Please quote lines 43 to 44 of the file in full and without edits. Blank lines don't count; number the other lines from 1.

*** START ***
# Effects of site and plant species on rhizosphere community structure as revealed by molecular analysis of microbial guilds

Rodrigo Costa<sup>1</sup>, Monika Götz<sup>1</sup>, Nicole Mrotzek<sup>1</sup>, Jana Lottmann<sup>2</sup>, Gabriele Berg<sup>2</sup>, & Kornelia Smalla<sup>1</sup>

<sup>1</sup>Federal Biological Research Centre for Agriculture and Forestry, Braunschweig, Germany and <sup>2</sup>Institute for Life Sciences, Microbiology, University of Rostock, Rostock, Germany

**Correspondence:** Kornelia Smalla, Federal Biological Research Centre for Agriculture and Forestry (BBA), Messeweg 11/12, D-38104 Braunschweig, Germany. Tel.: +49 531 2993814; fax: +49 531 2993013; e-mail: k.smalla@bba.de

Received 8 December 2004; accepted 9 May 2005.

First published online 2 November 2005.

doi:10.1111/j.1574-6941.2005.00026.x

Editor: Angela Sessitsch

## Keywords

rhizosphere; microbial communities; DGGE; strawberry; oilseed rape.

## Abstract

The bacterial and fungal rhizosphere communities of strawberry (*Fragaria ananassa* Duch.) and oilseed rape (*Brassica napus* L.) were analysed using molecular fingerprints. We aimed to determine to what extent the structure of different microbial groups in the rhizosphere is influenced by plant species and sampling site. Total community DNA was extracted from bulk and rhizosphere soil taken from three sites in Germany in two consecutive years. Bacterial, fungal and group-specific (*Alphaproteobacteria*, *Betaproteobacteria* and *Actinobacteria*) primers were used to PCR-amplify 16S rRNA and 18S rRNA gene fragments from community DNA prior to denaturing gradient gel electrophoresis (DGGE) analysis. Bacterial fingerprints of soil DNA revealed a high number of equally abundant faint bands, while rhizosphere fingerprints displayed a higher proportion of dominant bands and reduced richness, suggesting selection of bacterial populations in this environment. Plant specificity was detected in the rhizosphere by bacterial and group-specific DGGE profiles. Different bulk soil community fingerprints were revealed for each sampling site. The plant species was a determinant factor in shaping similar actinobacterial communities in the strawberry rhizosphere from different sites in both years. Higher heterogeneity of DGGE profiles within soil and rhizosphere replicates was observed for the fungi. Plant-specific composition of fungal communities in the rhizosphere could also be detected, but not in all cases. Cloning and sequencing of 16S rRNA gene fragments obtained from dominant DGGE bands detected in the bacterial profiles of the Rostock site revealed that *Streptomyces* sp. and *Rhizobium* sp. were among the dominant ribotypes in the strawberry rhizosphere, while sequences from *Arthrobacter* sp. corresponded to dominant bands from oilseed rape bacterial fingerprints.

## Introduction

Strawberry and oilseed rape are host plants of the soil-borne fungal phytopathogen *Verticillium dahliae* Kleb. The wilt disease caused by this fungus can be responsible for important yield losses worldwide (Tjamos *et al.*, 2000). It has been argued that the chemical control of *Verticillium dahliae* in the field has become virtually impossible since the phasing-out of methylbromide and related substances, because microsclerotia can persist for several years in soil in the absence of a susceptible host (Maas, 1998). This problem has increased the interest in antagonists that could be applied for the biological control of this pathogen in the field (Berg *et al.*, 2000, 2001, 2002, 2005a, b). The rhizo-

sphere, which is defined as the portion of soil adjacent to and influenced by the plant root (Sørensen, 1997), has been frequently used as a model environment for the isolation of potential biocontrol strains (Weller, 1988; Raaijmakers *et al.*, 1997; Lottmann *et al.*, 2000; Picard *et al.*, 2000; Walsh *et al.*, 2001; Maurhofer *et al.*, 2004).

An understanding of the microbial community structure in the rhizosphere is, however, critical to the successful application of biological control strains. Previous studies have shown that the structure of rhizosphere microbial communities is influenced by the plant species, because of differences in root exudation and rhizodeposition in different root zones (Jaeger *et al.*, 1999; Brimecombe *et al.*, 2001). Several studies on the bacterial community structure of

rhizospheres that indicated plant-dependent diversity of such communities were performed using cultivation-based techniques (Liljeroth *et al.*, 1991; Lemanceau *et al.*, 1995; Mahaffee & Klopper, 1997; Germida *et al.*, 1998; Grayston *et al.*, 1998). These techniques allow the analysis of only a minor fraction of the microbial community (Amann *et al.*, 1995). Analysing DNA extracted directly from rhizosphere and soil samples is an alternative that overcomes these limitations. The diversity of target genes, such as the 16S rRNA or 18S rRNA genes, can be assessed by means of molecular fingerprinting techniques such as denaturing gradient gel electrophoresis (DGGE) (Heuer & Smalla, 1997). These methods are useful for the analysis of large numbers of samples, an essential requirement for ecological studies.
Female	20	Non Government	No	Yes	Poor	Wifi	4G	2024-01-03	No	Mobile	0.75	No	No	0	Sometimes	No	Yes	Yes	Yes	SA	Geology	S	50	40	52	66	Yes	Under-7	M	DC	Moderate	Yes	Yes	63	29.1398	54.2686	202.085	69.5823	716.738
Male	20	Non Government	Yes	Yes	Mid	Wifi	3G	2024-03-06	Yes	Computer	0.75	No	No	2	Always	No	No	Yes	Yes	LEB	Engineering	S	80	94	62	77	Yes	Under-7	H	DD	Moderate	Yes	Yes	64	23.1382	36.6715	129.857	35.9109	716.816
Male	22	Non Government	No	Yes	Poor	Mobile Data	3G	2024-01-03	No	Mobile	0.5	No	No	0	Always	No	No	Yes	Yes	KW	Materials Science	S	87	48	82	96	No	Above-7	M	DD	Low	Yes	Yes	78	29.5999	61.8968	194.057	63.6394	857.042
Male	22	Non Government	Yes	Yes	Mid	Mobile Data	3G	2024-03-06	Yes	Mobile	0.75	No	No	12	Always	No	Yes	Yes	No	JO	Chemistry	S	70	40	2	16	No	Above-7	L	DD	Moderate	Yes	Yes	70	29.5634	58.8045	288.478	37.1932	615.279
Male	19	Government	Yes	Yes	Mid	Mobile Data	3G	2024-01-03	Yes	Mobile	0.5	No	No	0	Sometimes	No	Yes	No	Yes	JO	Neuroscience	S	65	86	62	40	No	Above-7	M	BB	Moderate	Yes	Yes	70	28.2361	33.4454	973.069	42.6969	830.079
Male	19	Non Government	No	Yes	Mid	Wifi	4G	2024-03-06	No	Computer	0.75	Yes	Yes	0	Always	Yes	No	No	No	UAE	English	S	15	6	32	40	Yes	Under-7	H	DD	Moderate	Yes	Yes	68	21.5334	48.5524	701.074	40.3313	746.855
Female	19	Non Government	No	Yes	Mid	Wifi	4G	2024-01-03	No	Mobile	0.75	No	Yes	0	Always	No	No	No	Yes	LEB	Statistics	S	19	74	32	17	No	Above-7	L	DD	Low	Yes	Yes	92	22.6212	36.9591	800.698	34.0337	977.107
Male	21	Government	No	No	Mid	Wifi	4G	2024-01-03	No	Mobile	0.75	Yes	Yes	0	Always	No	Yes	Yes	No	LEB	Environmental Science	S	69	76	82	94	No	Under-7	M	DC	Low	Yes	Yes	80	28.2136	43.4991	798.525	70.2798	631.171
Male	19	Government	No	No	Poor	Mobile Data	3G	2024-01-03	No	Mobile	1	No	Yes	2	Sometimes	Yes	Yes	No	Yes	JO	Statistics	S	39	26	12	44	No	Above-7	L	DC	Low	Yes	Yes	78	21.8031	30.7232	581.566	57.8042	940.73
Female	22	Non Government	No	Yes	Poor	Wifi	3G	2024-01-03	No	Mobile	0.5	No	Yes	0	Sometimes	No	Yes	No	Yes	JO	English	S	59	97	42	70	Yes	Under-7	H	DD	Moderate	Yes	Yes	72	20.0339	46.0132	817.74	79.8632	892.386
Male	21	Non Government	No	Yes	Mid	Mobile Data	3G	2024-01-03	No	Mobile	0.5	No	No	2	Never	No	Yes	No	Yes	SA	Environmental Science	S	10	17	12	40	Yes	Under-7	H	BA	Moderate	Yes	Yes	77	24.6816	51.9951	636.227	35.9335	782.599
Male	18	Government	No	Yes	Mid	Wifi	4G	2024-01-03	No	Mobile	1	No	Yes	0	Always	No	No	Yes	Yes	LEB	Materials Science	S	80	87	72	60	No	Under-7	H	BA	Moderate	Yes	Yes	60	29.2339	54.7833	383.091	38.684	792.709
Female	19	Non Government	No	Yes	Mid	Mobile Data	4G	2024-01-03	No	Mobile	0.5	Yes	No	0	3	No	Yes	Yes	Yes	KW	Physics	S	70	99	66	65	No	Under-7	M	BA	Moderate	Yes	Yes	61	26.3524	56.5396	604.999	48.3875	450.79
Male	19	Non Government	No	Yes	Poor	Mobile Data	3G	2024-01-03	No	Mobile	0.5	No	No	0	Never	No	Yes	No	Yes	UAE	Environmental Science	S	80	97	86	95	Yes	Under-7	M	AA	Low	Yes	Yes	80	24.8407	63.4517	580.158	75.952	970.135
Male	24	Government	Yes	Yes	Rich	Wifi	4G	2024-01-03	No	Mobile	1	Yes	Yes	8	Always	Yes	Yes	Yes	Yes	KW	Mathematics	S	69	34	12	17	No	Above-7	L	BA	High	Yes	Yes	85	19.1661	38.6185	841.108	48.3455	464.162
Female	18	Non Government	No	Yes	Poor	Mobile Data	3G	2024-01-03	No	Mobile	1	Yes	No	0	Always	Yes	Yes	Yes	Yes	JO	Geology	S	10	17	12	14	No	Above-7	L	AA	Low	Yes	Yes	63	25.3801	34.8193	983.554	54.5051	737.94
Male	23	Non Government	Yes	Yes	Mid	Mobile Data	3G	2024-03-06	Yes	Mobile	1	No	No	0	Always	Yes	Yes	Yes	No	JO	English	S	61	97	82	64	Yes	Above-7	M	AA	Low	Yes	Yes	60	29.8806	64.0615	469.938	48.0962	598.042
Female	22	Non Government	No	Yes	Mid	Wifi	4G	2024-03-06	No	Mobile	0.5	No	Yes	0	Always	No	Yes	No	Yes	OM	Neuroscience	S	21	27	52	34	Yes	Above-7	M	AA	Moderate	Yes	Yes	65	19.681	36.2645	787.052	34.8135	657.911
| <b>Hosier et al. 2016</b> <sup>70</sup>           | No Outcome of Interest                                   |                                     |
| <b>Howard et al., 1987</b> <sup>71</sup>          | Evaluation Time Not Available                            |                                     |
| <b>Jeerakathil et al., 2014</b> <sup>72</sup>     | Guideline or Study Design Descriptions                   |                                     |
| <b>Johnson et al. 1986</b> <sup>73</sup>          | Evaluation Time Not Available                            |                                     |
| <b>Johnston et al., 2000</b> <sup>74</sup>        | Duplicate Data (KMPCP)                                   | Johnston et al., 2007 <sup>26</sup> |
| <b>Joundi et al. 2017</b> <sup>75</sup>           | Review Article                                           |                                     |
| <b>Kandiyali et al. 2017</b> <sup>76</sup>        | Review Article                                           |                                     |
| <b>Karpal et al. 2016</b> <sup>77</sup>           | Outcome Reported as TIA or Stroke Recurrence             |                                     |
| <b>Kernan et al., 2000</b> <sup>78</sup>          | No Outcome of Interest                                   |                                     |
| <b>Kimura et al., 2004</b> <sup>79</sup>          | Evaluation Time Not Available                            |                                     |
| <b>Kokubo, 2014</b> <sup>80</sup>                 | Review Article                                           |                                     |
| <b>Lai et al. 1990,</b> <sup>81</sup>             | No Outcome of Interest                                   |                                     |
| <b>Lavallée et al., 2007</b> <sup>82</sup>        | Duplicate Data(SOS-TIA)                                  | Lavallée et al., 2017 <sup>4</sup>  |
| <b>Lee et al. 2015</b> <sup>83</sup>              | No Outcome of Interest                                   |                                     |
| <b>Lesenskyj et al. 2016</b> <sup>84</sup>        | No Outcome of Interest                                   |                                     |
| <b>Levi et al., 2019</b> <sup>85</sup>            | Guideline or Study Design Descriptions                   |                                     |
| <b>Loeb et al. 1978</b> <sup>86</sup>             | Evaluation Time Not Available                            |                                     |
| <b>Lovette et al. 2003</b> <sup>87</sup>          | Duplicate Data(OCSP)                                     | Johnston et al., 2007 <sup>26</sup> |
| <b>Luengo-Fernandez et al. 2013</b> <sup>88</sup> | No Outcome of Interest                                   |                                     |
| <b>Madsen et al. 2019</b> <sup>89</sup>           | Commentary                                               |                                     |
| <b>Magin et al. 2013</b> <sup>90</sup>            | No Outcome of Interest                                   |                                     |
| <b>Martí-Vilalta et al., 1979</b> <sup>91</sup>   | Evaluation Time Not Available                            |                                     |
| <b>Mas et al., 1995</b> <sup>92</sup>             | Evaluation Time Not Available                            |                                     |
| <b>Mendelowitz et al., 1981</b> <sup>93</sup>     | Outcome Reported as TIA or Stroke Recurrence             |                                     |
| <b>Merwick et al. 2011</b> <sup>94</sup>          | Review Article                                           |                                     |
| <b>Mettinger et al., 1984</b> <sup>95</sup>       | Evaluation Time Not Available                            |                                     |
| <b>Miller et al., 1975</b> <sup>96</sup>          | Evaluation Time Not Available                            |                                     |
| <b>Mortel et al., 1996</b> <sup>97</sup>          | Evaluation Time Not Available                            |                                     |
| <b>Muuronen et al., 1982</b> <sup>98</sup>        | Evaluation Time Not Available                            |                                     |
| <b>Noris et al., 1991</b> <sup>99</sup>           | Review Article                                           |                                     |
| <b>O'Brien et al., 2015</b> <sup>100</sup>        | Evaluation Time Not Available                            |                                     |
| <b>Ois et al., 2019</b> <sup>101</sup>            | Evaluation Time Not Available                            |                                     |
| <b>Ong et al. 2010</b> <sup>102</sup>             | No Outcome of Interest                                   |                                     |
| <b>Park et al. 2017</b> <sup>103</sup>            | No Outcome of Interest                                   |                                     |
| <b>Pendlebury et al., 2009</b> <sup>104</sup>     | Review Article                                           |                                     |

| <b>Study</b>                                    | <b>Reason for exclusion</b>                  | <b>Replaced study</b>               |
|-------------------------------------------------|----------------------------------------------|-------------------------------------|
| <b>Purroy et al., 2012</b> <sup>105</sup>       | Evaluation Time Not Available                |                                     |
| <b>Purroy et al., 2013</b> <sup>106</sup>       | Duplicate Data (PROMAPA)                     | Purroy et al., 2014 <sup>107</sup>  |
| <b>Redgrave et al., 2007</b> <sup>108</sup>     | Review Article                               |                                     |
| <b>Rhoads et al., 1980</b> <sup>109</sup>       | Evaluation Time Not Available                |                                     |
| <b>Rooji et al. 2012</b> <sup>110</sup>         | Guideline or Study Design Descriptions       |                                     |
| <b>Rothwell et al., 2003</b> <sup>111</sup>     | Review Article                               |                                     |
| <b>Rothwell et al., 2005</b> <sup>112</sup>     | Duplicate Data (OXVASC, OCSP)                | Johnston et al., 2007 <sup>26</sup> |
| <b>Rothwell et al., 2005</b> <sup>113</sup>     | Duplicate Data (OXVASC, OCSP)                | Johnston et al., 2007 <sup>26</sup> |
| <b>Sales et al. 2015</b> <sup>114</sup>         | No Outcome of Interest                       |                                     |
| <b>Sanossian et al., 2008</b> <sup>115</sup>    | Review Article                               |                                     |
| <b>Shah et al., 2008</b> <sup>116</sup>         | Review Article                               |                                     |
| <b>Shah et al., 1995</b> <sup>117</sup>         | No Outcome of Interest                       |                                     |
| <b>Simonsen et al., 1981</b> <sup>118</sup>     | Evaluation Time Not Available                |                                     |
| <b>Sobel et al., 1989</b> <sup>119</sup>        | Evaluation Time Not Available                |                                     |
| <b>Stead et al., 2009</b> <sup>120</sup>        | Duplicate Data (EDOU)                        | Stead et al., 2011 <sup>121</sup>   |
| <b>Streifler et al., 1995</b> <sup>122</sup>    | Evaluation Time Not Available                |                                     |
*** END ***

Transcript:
| <b>Karpal et al. 2016</b> <sup>77</sup>           | Outcome Reported as TIA or Stroke Recurrence             |                                     |
| <b>Kernan et al., 2000</b> <sup>78</sup>          | No Outcome of Interest                                   |                                     |